I chose for my Bat Mitzva speech to talk about the names my parents gave me, Meira- Rachel, and the connection between them.

I was born on a Friday night, the 10th of Cheshvan. My parents chose to give me two names that hold special meaning for this date.

A week before I was born, a soldier by the name of Nachshon Waxman was kidnapped by terrorists. Everyone in Israel was filled with concern over the kidnapping and there was a rare and wondrous feeling of unity among all the Jews in Israel. Everyone prayed for Nachshon's safe and speedy return home.

As Shabbat approached, Esther, Nachshon's mother, requested that everyone light an extra Shabbat candle for Nachshon's safe return.

My mother's labor pangs had already begun as she lit the Shabbat candles. She added an extra one for Nachshon, and said a prayer for his safe return home.

Later that night, my parents decided it was time to go to the hospital. On the way, the ambulance driver informed my parents of the tragic news of Nachshon's death through a failed rescue attempt that also took the life of Nir Poraz, an officer, who was the first to storm the house where Nachshon was being held captive.

In those days, people travelled through Beit Lechem (Bethlehem) to get to Jerusalem. The skies were overcast and as the ambulance passed Rachel's Tomb, a soft rain began to fall. "Rachel is crying for her children," said my father sadly.

In the small hours of the night, I emerged into the world. My father says that the moment I was born, he held me and I smiled. That smile, he says, lit up the great darkness he felt that came from the tragic deaths of Nachshon and Nir. He wanted to name me Meira, meaning "to give forth light." Together my parents added the name Rachel, for Rachel Emeinu (our Matriarch), the proximity to her yartzeit (her passing on 11 Cheshvan) and to her burial place in Bethlehem, and the connection between her selfless kindness and Nir Poraz who gave up his life in attempt to saving Nachshon's.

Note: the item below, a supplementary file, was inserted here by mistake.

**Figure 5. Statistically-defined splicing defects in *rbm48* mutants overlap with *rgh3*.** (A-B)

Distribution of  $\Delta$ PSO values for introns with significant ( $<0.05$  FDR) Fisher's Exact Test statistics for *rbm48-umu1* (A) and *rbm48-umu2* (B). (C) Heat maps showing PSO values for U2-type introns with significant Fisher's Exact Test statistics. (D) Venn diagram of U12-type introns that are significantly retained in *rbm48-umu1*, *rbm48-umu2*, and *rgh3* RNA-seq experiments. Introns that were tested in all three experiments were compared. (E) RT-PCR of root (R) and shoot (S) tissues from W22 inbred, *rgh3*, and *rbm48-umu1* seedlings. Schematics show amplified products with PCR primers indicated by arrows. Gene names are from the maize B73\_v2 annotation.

Rachel Emeinu is a wondrous figure in the Torah. All through the generations Jews have visited her burial place where they have poured out their hearts in prayer. There is something in Rachel's character, in her life of suffering, that says to us, "You can tell me all your troubles. I will understand." In her lifetime as in her death, Rachel knowingly relinquished her love, her comfort and her personal happiness, for her family whom she loved above all. Rachel, who was barren for many years and yearned for children, died while giving birth to her second child, Binyamin.

The questions that arise are why, out of our Four Mothers, is it Rachel's gravesite in Beit Lechem where people flock in order to pray for mercy? And why was Rachel buried alone, unlike the Jewish nation's other ancestors who were buried in the Maarat HaMachpela in Hebron?

The answer to these questions can be found in the Midrash (Breishit Raba, 82:10). Jacob saw, through the divine spirit, that in the future the Children of Israel would pass Beit Lechem on their way into exile. He hoped that Rachel would feel their great pain and pray to G-d for mercy. For that reason he decided to bury Rachel in Beit Lechem as opposed to Hebron.